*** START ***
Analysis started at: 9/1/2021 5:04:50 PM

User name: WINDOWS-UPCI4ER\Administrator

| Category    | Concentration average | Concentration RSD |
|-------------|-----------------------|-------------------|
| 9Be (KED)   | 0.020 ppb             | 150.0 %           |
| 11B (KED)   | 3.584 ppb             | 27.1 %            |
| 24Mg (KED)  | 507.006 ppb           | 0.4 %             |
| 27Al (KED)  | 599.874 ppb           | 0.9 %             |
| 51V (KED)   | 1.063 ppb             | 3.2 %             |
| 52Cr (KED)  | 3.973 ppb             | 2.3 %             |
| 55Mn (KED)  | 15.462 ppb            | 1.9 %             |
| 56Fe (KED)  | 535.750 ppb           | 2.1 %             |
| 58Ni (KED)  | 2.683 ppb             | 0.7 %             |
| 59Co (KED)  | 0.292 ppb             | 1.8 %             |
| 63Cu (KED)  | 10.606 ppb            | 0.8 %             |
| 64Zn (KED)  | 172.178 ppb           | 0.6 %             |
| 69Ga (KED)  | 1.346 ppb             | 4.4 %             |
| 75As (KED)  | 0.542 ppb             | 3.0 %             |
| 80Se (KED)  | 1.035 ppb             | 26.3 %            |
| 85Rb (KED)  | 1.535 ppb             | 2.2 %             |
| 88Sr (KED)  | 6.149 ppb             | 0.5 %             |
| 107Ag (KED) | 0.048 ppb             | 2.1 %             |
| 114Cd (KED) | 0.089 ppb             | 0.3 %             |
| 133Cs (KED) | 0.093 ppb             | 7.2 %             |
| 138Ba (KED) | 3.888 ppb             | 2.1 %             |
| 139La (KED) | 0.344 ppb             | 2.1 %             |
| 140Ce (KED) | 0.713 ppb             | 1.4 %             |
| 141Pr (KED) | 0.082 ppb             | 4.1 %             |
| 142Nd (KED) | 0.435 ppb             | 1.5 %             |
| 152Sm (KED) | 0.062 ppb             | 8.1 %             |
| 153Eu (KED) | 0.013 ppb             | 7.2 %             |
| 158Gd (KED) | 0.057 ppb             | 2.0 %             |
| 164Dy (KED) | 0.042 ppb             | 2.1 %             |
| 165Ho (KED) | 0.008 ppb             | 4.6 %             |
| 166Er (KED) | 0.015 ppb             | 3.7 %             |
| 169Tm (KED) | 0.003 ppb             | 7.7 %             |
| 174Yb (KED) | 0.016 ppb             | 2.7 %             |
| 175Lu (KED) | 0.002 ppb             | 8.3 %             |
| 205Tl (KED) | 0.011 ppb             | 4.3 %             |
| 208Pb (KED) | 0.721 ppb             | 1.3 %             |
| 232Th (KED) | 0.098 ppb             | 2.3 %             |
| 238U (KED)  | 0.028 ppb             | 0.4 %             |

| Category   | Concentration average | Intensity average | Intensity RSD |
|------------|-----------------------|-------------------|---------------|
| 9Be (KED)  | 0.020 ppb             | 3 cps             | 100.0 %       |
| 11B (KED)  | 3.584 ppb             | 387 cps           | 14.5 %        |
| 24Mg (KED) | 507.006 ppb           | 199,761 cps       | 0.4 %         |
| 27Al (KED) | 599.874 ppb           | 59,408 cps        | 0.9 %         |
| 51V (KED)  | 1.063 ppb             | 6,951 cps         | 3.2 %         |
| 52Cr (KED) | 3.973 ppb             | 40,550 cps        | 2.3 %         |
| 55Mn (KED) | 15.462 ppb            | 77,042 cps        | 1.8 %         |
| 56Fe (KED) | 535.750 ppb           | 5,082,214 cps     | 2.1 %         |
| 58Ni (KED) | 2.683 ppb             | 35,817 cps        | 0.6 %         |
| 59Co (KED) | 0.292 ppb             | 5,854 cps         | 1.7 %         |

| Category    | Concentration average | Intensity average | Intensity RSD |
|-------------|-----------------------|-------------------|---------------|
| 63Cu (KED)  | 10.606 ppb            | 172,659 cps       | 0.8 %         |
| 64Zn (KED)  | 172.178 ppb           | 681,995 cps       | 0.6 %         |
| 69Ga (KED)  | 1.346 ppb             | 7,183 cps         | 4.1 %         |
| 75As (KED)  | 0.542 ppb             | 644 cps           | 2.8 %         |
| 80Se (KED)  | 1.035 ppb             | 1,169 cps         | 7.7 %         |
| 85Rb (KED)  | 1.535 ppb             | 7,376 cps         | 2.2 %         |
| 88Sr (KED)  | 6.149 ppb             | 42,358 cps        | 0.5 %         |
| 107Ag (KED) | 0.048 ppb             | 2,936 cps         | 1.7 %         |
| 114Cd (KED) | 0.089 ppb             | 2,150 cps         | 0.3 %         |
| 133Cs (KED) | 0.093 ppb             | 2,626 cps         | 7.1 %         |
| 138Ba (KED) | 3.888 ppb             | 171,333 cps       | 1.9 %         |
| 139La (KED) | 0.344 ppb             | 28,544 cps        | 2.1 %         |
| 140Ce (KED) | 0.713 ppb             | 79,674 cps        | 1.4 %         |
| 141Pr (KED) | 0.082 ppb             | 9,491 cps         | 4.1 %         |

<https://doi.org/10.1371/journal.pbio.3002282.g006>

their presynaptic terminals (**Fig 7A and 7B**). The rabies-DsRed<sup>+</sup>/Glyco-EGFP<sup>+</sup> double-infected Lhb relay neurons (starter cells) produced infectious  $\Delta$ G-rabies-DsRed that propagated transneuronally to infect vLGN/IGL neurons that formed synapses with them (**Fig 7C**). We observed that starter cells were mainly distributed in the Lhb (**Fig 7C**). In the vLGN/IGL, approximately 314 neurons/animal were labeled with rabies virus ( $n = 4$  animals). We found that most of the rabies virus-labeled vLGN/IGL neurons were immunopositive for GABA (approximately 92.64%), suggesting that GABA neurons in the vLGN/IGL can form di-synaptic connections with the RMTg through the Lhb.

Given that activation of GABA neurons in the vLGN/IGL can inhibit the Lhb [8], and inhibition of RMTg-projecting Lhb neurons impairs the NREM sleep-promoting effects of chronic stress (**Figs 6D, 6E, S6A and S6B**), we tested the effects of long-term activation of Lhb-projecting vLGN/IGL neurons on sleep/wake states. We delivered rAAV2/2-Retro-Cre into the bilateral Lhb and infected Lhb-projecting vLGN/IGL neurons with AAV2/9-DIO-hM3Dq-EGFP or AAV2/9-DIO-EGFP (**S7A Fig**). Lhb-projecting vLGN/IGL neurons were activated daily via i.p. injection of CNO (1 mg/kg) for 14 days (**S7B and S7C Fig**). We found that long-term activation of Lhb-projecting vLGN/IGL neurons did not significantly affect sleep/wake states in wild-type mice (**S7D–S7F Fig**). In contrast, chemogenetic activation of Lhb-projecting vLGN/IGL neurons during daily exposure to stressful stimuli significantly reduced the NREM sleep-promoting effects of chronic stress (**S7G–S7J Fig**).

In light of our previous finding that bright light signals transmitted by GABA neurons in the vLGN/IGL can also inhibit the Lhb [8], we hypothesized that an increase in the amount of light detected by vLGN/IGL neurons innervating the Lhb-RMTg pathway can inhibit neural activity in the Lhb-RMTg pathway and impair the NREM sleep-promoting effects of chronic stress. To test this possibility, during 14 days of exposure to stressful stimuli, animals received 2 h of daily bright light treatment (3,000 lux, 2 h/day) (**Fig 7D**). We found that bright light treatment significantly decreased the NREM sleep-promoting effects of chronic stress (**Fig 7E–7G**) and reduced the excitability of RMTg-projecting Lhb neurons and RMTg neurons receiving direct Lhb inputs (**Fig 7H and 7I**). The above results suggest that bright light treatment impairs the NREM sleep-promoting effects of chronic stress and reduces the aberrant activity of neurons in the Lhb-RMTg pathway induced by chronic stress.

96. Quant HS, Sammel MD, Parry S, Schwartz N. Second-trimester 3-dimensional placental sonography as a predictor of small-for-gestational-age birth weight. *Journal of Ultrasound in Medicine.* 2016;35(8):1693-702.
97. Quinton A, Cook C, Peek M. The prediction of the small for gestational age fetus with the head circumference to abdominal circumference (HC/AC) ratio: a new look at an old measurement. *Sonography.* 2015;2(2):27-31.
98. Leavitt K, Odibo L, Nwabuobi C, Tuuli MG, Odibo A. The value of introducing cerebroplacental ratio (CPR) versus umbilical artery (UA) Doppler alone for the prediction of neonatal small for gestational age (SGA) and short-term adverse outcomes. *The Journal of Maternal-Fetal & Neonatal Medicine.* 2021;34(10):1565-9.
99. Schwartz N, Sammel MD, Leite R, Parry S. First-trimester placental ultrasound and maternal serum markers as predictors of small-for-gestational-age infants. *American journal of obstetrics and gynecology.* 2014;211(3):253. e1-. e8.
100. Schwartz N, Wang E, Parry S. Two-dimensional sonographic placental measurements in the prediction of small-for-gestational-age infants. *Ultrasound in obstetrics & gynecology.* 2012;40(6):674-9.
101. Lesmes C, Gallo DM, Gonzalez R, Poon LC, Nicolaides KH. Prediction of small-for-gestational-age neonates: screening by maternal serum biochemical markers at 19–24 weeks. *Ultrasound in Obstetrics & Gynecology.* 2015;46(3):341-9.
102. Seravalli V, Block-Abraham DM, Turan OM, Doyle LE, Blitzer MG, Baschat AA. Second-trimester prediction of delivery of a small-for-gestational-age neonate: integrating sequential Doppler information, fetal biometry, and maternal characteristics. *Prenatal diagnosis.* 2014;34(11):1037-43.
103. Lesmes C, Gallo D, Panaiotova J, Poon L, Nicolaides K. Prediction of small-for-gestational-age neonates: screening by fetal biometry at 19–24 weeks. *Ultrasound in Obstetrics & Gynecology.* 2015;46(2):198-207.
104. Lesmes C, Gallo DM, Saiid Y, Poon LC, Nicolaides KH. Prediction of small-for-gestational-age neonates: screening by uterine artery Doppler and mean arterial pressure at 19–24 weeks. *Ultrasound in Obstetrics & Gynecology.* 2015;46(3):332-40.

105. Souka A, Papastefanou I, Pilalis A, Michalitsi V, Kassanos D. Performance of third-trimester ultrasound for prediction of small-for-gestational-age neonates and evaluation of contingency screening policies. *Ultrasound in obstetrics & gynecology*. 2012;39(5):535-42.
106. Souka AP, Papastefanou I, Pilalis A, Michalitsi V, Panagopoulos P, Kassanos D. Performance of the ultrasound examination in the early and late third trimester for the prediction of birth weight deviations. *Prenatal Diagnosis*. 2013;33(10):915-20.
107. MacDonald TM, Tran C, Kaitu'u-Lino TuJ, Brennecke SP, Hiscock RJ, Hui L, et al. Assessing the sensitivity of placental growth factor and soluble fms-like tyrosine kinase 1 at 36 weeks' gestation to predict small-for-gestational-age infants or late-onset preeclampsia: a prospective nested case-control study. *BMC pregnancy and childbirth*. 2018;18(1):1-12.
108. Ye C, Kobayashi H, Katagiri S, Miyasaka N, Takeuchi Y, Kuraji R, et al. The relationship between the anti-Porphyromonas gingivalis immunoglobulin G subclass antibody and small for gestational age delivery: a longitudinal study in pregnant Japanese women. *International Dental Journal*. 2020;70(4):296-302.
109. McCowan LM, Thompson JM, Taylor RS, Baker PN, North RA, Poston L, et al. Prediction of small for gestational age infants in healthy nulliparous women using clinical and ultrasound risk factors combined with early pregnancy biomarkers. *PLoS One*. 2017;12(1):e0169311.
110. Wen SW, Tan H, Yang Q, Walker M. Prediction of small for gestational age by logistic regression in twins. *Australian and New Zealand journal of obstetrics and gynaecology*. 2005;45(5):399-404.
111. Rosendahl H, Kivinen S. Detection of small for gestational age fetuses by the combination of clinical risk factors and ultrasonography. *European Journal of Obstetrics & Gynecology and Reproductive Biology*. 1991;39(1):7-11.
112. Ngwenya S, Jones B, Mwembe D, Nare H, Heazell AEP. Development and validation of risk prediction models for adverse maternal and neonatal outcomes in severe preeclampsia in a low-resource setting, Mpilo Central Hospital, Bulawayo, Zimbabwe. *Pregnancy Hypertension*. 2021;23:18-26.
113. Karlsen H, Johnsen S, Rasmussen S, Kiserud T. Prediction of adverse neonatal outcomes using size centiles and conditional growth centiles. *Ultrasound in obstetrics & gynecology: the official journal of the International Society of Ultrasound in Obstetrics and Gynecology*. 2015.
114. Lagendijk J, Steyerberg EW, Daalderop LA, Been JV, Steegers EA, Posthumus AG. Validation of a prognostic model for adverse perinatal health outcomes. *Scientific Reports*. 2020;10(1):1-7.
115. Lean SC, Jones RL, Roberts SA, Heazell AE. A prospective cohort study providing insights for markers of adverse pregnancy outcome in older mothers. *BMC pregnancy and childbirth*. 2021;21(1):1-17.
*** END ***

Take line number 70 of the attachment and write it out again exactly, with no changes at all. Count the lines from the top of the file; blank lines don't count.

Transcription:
| 141Pr (KED) | 0.082 ppb             | 9,491 cps         | 4.1 %         |